Viewport width =
February 19, 2007 | by  | in Opinion | [ssba]

Where (not) to eat on campus

Vicky’s (aka, Mount Street Bar and Cafe)

While you can find the occasional culinary gem between the rows of pies and fries at Vicky’s, most of the time you’ll be paying through the nose. Hey Eurest, a word to the wise: students don’t want to pay $4 for a sandwich, even if it does have sundried tomatoes in it. Lacking other options though, the sandwiches are reasonably good, as is most of the hot food they put out around lunchtime. If, however, you want to pay horrendous amounts of money to clog your arteries, the ‘gourmet’ pies are the way to go. I particularly recommend the kumara and cashew one.

No Meat Please

With its delightfully crappy common-room ambience, No Meat Please is nothing more than Vicky’s mark II – minus the meat. Don’t ever, ever order eat the vege fryup, let alone consume it. Especially on a hangover.


Skulking in a corner just before the overbridge in the New Kirk building, Illot cafe does do some reasonable food for reasonable prices. While their hot food is to be avoided at all costs for its price and artery-clogging prowess (not to mention the questionable hygiene), the small range of sandwiches, rolls and muffins are great for a quick snack between lectures. The coffee can’t really be faulted, but it’s definitely not outstanding. While quite cramped and often noisy, an Illot window seat overlooking Kelburn Parade at a quiet moment can even be, well, almost pleasant.


If you don’t mind risking running into one of your lecturers or paying down-town cafe prices, Galleria is the place to go. While your lunch will be expensive, it will also be of high quality – unlike most of the other establishments on campus. Galleria offers a range of bagels and paninis, and, my personal favourite, Chinese pork buns. The coffee is without a doubt the best that can be obtained on campus, and costs about the same price as everywhere else. The only real drawback: they don’t accept eftpos, so I hope you’ve got some change.

Vending Machines

If you have got some spare change, vending machines are a great source of sugar for those long days of, ahem, studying and essay-writing. Not all of them sell candy- some of the machines in the common room on the ground floor of the Union Building sell instant noodles.

The Quad

The Quad isn’t generally a place to go for food. The dairy there is crap. Only buy food there if your only other option is chewing off your arm. However, the Pizza Napoli is pretty good value, with slabs of pizza with various toppings costing $2 – $3 – making it one of the cheapest lunches available. On sporadic occasions throughout the term, Hari Krishnas come to campus and sell food in the Quad. If you’re a fan of huge helpings of vegetarian curries and salads, served with a side of chanting, then look out for them.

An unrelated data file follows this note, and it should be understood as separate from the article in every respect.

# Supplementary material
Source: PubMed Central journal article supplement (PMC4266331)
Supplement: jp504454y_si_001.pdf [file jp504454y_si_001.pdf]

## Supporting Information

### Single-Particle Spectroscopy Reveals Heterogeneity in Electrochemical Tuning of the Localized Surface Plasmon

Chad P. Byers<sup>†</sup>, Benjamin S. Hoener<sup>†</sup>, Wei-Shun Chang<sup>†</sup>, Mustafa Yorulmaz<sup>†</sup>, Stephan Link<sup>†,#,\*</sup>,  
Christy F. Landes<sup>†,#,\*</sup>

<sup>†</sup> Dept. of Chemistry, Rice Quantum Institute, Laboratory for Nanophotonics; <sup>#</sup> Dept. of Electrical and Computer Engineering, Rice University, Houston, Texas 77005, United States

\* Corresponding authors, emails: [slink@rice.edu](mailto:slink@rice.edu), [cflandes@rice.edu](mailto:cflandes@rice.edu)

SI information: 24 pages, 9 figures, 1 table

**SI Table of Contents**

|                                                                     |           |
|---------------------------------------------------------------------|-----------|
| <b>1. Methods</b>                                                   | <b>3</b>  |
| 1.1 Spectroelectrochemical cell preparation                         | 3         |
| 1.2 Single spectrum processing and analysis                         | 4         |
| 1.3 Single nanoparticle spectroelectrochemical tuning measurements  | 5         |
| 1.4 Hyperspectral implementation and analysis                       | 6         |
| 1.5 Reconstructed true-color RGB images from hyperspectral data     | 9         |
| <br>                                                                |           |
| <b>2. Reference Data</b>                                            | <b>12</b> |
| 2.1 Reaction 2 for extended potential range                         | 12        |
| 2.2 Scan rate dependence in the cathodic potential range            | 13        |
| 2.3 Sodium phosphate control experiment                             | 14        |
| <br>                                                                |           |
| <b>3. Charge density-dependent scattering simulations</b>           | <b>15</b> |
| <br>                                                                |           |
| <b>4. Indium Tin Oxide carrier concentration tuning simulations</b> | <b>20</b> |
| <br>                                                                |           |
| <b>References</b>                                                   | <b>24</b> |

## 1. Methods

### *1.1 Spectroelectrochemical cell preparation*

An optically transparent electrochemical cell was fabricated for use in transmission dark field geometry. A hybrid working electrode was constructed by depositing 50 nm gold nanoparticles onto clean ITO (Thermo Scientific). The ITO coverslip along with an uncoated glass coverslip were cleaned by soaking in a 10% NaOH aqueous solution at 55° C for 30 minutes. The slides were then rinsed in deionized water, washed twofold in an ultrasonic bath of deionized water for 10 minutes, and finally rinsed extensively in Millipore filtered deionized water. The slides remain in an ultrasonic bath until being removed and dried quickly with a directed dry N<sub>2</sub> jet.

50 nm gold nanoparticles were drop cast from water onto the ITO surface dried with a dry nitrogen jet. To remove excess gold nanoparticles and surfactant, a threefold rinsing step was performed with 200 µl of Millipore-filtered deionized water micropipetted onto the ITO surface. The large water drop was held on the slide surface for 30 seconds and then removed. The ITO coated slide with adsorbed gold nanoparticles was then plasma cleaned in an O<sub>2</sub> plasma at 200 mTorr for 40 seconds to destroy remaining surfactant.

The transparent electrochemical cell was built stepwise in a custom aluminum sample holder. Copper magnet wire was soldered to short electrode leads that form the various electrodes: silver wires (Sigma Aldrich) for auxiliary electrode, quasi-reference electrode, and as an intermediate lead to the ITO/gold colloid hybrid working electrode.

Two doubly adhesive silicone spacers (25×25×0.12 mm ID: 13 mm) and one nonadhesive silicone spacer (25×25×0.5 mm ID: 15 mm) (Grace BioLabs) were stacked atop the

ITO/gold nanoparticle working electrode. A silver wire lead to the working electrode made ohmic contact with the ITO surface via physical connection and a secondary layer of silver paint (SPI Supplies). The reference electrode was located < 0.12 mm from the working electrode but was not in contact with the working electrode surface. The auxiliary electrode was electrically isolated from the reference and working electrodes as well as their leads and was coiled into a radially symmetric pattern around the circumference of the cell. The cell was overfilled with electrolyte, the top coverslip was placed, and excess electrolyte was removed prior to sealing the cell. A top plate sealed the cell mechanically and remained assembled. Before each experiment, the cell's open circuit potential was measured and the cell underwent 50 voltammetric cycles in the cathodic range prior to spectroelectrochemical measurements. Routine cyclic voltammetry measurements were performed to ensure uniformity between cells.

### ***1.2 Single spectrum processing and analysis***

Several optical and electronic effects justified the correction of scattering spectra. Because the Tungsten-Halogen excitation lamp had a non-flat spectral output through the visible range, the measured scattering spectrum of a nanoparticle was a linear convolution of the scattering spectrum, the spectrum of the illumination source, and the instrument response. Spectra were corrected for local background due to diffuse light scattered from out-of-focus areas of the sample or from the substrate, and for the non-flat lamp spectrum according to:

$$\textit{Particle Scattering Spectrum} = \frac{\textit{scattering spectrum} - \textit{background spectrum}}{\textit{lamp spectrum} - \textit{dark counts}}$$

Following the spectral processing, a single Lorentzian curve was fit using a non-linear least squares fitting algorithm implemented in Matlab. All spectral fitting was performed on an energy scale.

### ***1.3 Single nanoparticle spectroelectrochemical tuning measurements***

At the top of Kelburn Parade, Unistop is a glorifi ed dairy, offering everything from tinned food to pies to coffee. You can get at least two brands of pies there, along with the more healthy alternatives of sandwiches and various packaged food. The coffee is nothing to write home about, but is more tolerable than Vicky’s coffee. You can also get really nice real Asian noodles. Unistop is, however, generally quite expensive for what you get, and at peak times you might find yourself waiting in a huge line. Also, their eftpos is ridiculously slow.

Sweet Fanny-Anne’s

Located just outside Rutherford House on the Pipitea campus, Sweet Fanny-Anne’s offer the general range of café food: paninis, wraps and the like.

Hungry law students should skip the law school cafe and just go there. They even have a breakfast menu if you’re feeling a little worse for wear before class. The coffee is good, and the ladies who work there are lovely – a pleasant change from the grumps at Kelburn.

My personal recommendation, however, is to buy some food from the supermarket and enjoy a picnic in the sun. Try Kelburn park, Hunter lawn, or the deck in the Union Building.

Tired of walking up that hill? We’ve got all the transport info you need…

City toVic: If you’re coming up to campus from the train station, you’ll need to take a number 17 bus. The following buses go from Courtenay place up to Kelburn campus: 21, 23, 22 These trips cost $1.50.

Vic to City: Take a 17, 21, 22 or 23 bus. These trips also cost $1.50. There’s also a campus connection bus, number 18, which takes you all the way back and forth.

Cable Car If the bus is too expensive (or you are tired of taking the wrong one) try the cable car. It’s a chic transport option.
Where: Cable Car Lane, off Lambton Quay.
Hours of Operation: Cars depart every 10 minutes (heading in both directions). Monday – Friday: 7.00am – 10.00pm Saturday: 8.30am – 10.00pm Sunday & public holidays: 9am – 10.00pm.

Piggy back: If none of the above is working for you then ask a Geology student to give you a ride up the hill.


About the Author ()

Nicola Kean: feature writer, philanthropist, womanly woman. Nicola is the smallest member of the Salient team, but eats really large pieces of lasagne. Favourites include 80s music, the scent of fresh pine needles and long walks on the beach.

Comments are closed.

Recent posts

  1. VUW Halls Hiking Fees By 50–80% Next Year
  2. The Stats on Gender Disparities at VUW
  3. Issue 25 – Legacy
  4. Canta Wins Bid for Editorial Independence
  5. RA Speaks Out About Victoria University Hall Death
  6. VUW Hall Death: What We Know So Far
  8. New Normal
  9. Come In, The Door’s Open.
  10. Love in the Time of Face Tattoos

Editor's Pick

Uncomfortable places: skin.

:   Where are you from?  My list was always ready: England, Ireland, Scotland, Wales, puppy dogs’ tails, a little Spanish, maybe German, and—almost as an afterthought—half Samoan. An unwanted fraction.   But you don’t seem like a Samoan. I thought you were [inser

Do you know how to read? Sign up to our Newsletter!

* indicates required